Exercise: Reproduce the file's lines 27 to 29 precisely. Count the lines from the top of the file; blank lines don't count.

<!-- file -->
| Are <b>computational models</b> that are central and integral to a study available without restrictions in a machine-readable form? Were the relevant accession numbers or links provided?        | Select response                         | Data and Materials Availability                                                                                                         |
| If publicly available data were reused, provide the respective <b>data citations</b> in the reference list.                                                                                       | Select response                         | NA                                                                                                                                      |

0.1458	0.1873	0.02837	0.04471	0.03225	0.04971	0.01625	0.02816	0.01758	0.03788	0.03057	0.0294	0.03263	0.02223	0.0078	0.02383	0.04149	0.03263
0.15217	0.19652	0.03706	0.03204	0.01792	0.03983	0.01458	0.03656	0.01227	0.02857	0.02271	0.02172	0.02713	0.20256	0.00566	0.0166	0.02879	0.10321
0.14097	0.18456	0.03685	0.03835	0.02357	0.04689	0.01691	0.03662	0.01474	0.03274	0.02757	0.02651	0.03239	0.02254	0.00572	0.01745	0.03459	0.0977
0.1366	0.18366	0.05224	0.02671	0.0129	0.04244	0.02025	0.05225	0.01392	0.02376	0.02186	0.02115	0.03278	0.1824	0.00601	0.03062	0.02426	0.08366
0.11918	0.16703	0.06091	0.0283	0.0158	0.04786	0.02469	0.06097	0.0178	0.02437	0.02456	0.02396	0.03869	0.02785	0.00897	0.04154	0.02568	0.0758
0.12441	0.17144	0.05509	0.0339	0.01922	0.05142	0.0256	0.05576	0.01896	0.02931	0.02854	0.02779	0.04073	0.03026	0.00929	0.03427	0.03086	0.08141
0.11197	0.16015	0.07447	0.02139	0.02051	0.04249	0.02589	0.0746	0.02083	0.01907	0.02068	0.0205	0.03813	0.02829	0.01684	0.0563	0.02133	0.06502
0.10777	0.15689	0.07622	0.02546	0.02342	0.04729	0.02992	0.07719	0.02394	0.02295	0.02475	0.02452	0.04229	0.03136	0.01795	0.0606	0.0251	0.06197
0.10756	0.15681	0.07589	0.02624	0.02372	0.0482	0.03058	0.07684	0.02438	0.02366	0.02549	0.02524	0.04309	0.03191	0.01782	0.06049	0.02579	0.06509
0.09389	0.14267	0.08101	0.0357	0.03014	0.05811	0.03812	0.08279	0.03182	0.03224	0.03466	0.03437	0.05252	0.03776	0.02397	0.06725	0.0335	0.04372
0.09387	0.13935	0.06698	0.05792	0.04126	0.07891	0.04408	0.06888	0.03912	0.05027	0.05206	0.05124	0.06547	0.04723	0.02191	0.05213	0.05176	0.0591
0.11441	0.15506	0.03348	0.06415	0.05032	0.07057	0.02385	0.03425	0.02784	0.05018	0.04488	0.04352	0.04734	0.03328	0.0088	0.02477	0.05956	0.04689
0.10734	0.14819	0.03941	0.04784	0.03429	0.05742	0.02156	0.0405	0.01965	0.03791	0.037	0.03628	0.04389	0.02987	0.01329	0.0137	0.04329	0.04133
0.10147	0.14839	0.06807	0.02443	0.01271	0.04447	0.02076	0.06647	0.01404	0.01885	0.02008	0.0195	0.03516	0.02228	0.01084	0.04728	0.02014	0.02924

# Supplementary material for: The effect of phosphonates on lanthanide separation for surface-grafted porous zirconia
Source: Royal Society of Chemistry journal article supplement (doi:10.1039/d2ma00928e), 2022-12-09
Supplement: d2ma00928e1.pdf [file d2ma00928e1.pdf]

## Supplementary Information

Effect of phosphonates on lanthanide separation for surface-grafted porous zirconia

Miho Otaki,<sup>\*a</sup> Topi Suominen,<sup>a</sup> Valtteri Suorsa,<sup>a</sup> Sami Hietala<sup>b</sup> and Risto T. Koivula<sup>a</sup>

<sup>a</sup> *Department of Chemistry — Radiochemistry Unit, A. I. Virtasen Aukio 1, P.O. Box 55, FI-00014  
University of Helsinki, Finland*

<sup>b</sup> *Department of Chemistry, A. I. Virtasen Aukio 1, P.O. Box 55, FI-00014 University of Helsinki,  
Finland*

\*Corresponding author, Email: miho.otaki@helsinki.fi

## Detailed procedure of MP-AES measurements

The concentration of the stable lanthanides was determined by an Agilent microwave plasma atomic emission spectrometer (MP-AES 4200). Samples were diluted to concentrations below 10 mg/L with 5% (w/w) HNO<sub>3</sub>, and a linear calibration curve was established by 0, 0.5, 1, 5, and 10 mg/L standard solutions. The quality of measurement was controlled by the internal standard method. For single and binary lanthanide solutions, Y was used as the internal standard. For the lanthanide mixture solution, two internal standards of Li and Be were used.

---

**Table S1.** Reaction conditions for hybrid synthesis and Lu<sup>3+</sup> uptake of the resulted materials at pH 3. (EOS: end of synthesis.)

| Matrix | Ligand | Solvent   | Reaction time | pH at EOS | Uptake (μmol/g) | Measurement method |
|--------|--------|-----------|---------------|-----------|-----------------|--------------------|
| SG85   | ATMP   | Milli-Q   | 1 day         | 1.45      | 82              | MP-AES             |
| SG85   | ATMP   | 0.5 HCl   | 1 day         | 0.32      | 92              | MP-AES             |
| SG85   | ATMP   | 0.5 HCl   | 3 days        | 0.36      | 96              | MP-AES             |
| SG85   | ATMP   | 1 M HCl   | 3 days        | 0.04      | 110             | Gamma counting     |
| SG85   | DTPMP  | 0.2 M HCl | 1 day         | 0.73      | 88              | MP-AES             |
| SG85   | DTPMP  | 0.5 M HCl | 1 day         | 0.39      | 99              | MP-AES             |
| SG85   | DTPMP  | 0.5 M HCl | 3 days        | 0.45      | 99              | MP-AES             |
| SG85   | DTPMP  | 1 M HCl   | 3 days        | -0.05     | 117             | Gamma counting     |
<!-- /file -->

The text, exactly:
\*Corresponding author, Email: miho.otaki@helsinki.fi

## Detailed procedure of MP-AES measurements

The concentration of the stable lanthanides was determined by an Agilent microwave plasma atomic emission spectrometer (MP-AES 4200). Samples were diluted to concentrations below 10 mg/L with 5% (w/w) HNO<sub>3</sub>, and a linear calibration curve was established by 0, 0.5, 1, 5, and 10 mg/L standard solutions. The quality of measurement was controlled by the internal standard method. For single and binary lanthanide solutions, Y was used as the internal standard. For the lanthanide mixture solution, two internal standards of Li and Be were used.